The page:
Ms. Johnetta P. Arthur
WEST AFRICA – A young Liberian communications professional, Johnetta Arthur, is on a mission to ensure that Liberian children born unto parents who are not married or have separated or divorced are fully supported and protected by both parents, and in cases where there is one absentee parent, a legal or biding obligation for child support should be established.
Over the past few months, Ms. Arthur has been working to assist dozens of single Liberian mothers in communities across the Liberian capital, Monrovia, to ensure that they obtain support payments from their absentee children fathers.
With encouraging success, Ms. Arthur feels the need to institutionalize her work. She would call a deadbeat dad along with the mother of his child or children and inquire why is it that he is not paying support for the upkeep of his son or daughter.
“I will just pick up my phone and with the mother with me and the child, I will them I need to speak with them,” she said.
Adding, “it is a new thing for them (men in Liberia) because no one has ever asked them, and our system does not tell them to do so. But we are seeing some cooperation and some men are trying to do something.”
Ms. Arthur is now in the process of setting up or making legal her organization, “Child Support and Protection, Inc.”
She said she would be happy if she can have pro bono legal assistance from any law group or law firm. She plans on reaching out to the country’s female lawyer group.
According to Ms. Arthur, she was inspired to do what she has started after reading about Mr. Jones Nhinson Williams’ advocacy, making the case on social media for the establishment of child support court in Liberia., especially since many African men abandoned their children while living abroad in the United States, Canada and Europe. With the establishment of the organization, these men will be forced to support their children.
Child support is money a parent pays for at least some of a child’s living expenses. Judges in Western nations can order child support whenever parents live apart, whether they are separated, divorced, or never married. Typically, the parent who does not live with the child, called the non-custodial parent, pays child support to the parent caring for the child on a day-to-day basis.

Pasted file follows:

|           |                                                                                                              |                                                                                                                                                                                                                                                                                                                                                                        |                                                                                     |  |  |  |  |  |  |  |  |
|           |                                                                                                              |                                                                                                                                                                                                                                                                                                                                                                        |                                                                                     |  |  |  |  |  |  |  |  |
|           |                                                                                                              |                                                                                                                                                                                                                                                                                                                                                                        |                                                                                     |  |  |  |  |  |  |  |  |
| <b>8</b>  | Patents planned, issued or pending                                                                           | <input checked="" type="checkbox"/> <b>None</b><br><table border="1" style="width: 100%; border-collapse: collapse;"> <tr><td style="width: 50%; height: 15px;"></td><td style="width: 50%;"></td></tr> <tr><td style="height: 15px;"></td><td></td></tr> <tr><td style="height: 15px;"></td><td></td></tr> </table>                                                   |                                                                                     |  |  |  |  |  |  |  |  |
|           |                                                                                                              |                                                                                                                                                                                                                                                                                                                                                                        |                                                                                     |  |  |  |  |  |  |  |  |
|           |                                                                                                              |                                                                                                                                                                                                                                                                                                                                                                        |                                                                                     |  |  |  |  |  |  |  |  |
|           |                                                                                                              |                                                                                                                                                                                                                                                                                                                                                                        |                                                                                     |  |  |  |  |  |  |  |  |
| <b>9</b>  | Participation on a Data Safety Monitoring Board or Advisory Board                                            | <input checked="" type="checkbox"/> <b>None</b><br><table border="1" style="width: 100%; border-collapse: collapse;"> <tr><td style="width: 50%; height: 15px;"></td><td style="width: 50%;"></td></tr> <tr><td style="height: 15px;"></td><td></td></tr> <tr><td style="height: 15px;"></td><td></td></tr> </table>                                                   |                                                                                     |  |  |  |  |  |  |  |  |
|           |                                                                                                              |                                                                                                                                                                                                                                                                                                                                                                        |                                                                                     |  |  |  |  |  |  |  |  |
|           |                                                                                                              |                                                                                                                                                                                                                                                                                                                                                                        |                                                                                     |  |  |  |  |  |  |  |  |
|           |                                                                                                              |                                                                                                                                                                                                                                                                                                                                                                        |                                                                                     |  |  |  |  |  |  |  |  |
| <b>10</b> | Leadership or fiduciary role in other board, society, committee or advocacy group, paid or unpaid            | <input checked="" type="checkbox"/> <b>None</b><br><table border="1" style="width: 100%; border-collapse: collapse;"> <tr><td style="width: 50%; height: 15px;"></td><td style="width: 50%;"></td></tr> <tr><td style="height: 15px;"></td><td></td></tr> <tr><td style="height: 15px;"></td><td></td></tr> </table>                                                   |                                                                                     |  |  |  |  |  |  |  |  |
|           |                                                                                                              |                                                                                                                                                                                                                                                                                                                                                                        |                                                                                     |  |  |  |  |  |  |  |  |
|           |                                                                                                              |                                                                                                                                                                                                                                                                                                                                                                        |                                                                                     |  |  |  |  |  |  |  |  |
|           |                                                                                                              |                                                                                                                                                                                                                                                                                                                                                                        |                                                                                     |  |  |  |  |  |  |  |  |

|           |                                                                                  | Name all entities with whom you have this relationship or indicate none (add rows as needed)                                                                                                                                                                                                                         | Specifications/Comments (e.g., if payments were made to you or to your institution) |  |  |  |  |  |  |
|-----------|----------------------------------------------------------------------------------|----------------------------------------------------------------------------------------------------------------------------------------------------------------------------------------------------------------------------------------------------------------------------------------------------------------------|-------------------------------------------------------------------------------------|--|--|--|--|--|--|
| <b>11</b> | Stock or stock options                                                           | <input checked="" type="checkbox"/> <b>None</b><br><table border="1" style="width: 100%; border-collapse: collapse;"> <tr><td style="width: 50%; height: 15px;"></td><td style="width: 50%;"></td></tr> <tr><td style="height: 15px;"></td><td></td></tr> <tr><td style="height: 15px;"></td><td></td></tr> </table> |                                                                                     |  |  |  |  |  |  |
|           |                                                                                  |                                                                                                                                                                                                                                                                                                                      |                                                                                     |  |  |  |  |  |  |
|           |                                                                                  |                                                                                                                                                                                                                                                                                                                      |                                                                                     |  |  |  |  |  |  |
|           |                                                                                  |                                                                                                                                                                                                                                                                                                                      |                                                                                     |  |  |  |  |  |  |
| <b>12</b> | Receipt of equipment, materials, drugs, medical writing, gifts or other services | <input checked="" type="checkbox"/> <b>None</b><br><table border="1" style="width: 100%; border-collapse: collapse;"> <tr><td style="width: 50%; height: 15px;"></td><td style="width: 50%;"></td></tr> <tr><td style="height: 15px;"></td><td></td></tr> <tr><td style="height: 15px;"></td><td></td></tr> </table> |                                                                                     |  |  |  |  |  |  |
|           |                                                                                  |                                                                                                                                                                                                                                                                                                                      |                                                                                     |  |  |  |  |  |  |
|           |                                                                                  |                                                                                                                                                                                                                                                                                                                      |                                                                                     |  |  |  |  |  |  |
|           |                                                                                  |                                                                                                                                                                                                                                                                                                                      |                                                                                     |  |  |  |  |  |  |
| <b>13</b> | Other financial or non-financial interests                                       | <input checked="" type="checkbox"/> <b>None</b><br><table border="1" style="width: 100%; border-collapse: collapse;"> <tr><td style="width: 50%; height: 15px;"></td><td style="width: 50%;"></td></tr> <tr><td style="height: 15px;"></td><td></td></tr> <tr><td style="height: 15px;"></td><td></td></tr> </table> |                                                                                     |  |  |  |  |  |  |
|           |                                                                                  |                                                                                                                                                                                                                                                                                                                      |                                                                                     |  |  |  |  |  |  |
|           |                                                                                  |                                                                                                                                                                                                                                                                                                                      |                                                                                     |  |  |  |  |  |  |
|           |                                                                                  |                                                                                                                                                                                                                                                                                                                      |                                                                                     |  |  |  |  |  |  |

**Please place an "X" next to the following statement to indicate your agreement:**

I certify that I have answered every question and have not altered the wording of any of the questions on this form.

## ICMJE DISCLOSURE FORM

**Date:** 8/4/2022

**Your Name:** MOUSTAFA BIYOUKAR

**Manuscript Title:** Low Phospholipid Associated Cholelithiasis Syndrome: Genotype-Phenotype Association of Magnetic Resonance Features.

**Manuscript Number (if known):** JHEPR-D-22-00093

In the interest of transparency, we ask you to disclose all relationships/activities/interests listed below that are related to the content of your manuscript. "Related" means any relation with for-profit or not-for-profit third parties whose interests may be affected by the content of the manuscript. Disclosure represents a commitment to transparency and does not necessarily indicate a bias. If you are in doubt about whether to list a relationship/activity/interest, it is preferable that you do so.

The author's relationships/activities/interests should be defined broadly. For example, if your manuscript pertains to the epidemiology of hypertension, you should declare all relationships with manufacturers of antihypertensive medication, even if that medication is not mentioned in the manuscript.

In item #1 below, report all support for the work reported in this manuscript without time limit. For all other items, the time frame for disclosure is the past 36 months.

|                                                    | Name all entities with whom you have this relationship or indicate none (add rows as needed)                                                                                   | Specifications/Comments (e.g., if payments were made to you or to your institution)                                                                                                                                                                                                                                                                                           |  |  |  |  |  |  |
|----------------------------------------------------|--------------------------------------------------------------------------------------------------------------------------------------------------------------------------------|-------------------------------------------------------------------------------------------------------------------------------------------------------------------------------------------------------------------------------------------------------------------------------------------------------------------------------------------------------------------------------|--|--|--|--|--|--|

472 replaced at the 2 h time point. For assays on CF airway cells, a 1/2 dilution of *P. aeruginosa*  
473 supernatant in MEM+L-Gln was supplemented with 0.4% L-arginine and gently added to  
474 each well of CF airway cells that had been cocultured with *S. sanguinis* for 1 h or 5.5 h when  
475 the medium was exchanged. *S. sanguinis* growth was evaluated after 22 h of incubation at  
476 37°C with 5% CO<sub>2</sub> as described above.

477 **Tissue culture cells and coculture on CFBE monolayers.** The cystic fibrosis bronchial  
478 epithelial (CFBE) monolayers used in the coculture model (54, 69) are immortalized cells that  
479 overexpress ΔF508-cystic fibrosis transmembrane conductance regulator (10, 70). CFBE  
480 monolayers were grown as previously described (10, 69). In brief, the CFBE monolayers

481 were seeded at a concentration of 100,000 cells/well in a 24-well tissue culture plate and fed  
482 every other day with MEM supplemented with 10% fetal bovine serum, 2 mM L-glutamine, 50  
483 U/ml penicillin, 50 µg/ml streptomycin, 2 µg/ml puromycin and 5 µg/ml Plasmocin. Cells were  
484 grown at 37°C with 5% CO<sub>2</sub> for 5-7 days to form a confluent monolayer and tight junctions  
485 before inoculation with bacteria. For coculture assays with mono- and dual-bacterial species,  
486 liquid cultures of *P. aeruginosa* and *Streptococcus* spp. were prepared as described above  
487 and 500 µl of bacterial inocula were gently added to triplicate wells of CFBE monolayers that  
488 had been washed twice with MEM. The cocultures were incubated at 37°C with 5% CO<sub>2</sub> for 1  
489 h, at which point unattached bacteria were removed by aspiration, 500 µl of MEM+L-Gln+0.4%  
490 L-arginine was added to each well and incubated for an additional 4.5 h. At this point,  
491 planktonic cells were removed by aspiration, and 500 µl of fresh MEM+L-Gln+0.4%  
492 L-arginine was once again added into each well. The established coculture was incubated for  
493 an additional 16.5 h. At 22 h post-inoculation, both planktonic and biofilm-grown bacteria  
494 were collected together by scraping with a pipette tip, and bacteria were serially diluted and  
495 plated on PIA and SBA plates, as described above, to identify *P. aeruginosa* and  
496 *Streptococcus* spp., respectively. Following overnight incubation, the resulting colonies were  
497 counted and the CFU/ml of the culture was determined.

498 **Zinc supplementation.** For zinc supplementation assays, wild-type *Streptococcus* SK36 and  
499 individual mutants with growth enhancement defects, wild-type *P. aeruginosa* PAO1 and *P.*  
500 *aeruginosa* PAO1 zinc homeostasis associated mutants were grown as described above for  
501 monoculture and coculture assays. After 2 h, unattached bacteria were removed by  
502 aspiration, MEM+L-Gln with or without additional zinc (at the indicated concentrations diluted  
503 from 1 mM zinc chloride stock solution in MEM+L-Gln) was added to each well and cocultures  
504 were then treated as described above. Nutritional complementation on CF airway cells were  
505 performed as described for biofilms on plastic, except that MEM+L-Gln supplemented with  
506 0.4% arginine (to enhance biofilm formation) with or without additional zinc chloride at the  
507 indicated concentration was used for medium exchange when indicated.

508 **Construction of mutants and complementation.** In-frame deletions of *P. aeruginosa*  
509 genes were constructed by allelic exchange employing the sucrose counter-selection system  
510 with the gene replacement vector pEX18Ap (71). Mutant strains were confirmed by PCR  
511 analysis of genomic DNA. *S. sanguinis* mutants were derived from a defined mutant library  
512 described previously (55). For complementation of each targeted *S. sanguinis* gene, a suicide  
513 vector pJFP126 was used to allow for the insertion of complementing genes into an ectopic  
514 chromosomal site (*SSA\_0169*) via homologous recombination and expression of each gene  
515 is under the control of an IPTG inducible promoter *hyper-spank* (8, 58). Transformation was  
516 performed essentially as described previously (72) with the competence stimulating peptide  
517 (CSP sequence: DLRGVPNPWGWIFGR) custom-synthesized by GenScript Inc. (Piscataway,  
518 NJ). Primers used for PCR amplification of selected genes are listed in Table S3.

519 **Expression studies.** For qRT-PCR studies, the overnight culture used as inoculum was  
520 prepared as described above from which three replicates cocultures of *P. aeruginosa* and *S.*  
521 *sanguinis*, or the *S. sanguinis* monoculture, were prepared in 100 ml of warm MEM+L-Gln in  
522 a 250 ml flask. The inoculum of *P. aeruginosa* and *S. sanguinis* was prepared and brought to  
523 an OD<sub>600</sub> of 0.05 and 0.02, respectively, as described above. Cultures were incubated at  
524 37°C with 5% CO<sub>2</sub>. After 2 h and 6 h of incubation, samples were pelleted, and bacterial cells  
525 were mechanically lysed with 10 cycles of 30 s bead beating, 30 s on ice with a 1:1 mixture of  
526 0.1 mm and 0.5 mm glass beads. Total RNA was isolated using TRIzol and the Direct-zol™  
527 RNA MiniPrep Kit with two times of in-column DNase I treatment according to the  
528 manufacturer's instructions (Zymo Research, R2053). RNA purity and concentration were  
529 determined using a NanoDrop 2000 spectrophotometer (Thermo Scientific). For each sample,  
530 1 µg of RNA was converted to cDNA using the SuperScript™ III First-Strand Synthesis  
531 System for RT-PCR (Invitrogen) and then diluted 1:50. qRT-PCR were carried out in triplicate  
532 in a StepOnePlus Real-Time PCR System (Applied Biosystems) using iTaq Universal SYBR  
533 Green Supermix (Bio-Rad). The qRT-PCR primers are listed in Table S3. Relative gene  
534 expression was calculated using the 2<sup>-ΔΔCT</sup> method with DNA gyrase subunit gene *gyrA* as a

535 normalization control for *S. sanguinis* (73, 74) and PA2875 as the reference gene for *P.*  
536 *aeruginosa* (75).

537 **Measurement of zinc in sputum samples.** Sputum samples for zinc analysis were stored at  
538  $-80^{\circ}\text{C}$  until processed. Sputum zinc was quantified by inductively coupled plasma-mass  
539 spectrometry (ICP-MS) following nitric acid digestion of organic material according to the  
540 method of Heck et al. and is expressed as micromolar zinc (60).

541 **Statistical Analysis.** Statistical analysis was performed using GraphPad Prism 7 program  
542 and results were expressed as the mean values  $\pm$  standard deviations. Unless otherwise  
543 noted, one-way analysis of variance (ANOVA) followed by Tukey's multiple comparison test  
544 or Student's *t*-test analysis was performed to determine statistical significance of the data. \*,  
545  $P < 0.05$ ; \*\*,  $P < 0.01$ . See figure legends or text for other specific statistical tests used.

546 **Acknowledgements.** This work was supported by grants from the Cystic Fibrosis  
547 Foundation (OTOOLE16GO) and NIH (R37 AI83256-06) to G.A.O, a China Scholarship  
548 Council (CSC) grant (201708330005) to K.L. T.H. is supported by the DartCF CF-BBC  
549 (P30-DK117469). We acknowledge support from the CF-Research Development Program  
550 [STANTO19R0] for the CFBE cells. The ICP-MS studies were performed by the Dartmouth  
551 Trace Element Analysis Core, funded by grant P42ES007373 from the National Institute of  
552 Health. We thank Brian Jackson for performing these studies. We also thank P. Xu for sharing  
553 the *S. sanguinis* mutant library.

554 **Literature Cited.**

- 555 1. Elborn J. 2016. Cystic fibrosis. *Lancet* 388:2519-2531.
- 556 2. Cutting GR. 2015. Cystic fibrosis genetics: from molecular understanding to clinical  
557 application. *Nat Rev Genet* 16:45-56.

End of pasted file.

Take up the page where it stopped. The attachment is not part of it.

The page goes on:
Both parents are responsible for their child’s needs, whether they live together or not. The court gets involved when the child is living with only one parent. Often, the parent who pays child support is the father. However, mothers who do not live with their children can also be ordered to pay child support.
Child support payments are supposed to pay for at least part of the child’s food, clothing, childcare, housing, and education. The child support order may also include obligations to pay for health insurance and medical care, or even for lessons and other activities.
There are no national or international standards for setting child support. In the United States, for example, each state has its own formula for figuring out the amount of child support. Most states use a formula that looks at both parents’ incomes. A parent’s income may include salary, overtime pay, income from a business, benefits from Social Security and Workers’ Compensation, rents received, inheritances, gifts, and lottery winnings.
A few states, including Texas and New York, set the amount as a percentage of the paying parent’s income. Delaware, Hawaii, and Montana use a more complicated system that takes the parents’ living expenses and incomes into account.
Child support orders set both an amount and a due date for payments. Typically, you can pay by check, money order, or payroll deduction. Most states have registries that accept your payment and send it out to the other parent. Registries keep track of the payments so both parents know what has been paid. If the paying parent gets behind on child support, the state can help the other parent collect what’s due.
Unless the child has special needs, child support usually stops when the child turns 18 or graduates from high school. The order may be changed from time to time as the child gets older, or as the parents’ incomes increase or decrease. Child support and visitation are separate issues. You can’t stop paying child support just because your ex makes visiting with your children difficult.
With support from Mr. Williams, Ms. Arthur wants to use her organization to lobby the Liberian national legislature and judiciary to establish a Family Court for child support payment as well as a division within the Ministry of Gender to address issues relating to child support.
The main function of Ms. Arthur’s organization is providing advocacy and support single parents obtain their rights to child support for their children. As executive director of the organization, Ms. Arthur hopes to recruit and hire case managers in the various counties when she acquires the needed resources. She also plans on networking and partnering with UNICEF-Liberia in her work. Ms. Arthur has a bachelor’s degree in mass communication from United Methodist University (UMU) in Liberia.